Finding the right therapist for YOU

By Georgina Lavan 


The process of commencing therapy can be daunting, especially when you’re at your most vulnerable. Here are some factors you may want to take into consideration when seeking a therapist.


The most important question to ask yourself is “do I feel safe?” when seeing a therapist. Finding someone who you feel comfortable with is paramount when searching for a therapist, especially when dealing with not so pleasant emotions. Rapport is one of the most significant factors when developing any relationship, so it’s important to find someone who is warm, approachable and on the same wavelength as you.


Word of mouth is always a good way of finding a therapist. Your GP is a good starting point as they are familiar with the services in the area and receive feedback on therapists from other clients in their practice. Family and friends are also good for word of mouth recommendations. Don’t be afraid to do online research to find a therapist’s qualifications, what services they provide and potential costs and rebates.

Feeling understood

Greater rapport is built when you and your therapist are speaking the same language. This may mean that you pick a therapist based on gender or ethnicity due to culturally sensitive matters. Finding someone who specialises in the area you’re seeking help in, such as eating disorders, means that your therapist has a greater understanding of the issues you’re dealing with. The aim is to work as a team to come up with a clear and defined plan of how your therapist can help you during this difficult time.


A good therapist understands both your spoken and unspoken words. This means sitting comfortably in your silences and not taking over the conversation. Their aim is to guide you to find answers yourself and give advice, not tell you what to do.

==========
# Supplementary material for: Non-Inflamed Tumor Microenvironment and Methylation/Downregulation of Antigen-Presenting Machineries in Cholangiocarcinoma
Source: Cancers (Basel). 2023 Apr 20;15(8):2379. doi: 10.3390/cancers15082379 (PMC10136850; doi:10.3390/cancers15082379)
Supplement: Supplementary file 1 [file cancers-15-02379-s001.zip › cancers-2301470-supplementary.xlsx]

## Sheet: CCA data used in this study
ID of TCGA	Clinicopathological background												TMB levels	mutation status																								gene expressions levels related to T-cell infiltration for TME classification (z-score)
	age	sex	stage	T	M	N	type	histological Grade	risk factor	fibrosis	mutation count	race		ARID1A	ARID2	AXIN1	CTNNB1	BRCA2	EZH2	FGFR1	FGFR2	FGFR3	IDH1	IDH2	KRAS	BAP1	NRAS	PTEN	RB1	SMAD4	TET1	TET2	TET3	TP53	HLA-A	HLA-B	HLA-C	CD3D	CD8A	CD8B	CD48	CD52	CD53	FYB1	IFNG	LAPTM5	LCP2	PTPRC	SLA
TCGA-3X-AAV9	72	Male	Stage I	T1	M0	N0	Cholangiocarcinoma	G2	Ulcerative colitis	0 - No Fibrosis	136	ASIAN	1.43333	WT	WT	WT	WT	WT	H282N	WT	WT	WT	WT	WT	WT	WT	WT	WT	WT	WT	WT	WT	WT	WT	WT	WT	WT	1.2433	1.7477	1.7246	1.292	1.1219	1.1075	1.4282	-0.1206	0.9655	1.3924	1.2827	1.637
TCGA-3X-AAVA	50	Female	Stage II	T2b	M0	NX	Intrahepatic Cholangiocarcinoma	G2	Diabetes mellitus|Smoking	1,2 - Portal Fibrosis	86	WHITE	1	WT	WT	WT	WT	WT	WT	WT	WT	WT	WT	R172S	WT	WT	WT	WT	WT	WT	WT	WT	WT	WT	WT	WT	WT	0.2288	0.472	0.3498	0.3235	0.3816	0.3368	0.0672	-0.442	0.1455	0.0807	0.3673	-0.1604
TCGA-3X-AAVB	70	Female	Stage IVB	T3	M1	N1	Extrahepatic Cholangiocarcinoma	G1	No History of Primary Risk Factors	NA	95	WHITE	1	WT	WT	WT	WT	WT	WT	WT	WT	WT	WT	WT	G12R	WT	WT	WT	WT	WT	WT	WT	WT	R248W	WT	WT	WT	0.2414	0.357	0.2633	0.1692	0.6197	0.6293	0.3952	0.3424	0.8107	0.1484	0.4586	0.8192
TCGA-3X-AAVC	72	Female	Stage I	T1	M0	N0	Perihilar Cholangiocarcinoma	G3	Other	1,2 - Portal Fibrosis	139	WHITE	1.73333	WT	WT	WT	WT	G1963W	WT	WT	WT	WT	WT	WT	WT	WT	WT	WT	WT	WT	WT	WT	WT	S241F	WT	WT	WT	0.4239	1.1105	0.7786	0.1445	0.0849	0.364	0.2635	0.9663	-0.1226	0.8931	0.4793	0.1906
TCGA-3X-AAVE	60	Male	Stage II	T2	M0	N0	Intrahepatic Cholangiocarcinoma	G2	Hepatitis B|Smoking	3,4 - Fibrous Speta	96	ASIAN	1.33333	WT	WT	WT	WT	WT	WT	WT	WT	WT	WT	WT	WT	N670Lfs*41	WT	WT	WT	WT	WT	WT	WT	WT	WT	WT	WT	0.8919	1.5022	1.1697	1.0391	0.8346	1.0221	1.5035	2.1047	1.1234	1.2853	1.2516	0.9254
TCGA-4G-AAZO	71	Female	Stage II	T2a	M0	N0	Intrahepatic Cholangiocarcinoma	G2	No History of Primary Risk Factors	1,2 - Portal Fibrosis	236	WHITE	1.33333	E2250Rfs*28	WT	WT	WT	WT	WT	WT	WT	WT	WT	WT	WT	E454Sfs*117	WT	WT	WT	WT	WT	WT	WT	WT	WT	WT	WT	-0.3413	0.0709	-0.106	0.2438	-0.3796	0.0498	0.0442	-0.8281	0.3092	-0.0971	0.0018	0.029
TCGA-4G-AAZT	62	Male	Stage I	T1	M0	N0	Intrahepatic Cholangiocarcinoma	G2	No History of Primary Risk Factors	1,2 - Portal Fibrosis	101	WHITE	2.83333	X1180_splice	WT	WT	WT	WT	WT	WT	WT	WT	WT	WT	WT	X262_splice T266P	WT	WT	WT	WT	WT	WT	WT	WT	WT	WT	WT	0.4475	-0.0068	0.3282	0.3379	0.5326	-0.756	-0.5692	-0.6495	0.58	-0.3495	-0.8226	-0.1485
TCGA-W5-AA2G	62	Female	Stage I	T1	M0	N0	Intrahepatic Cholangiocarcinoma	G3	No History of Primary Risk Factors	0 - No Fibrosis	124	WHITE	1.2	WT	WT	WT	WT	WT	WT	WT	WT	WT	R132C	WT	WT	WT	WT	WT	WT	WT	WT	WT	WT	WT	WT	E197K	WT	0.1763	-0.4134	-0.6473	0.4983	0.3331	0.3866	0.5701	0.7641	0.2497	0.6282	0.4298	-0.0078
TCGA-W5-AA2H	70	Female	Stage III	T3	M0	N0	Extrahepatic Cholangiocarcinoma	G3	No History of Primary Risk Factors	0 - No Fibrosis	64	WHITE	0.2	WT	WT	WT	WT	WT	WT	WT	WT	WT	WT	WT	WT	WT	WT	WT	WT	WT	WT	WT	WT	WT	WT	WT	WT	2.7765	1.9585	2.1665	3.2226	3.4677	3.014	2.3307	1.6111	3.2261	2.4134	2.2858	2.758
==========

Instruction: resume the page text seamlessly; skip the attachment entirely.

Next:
Progression in therapy

Therapy is about gaining tools to make changes in your thought or behavioural patterns. If you feel that progression isn’t occurring in your therapy, it’s time to evaluate whether the therapist is right for you (or if you’re actively participating).

The pressure to return

Depending on the circumstances, therapy can be a long term process. When the time feels right to move on from a therapist, it should be judgement free and with the option of returning whenever you feel necessary. A good therapist should be open with you about a time frame and demonstrate flexibility on how frequently you see them depending on your progress and circumstances such as finances.

Variety of services

Finding a therapist who offers a variety of services can be useful, especially for those who live in areas less accessible to mental health services. Not all therapy has to be face to face – BodyMatters offers therapy via Skype, meaning clients have the ability to access us from all over the country.

Don’t settle

Trust your gut! It takes a lot of time and energy to muster up the courage to attend therapy, so you shouldn’t settle. If you’re feeling that you and your therapist aren’t meshing, it’s time to move on. This may mean it takes seeing more than one therapist to find the right fit for you.


If you’re looking at getting an appointment with one of our therapists at BodyMatters, why not check out their profiles here to see who is right for you!

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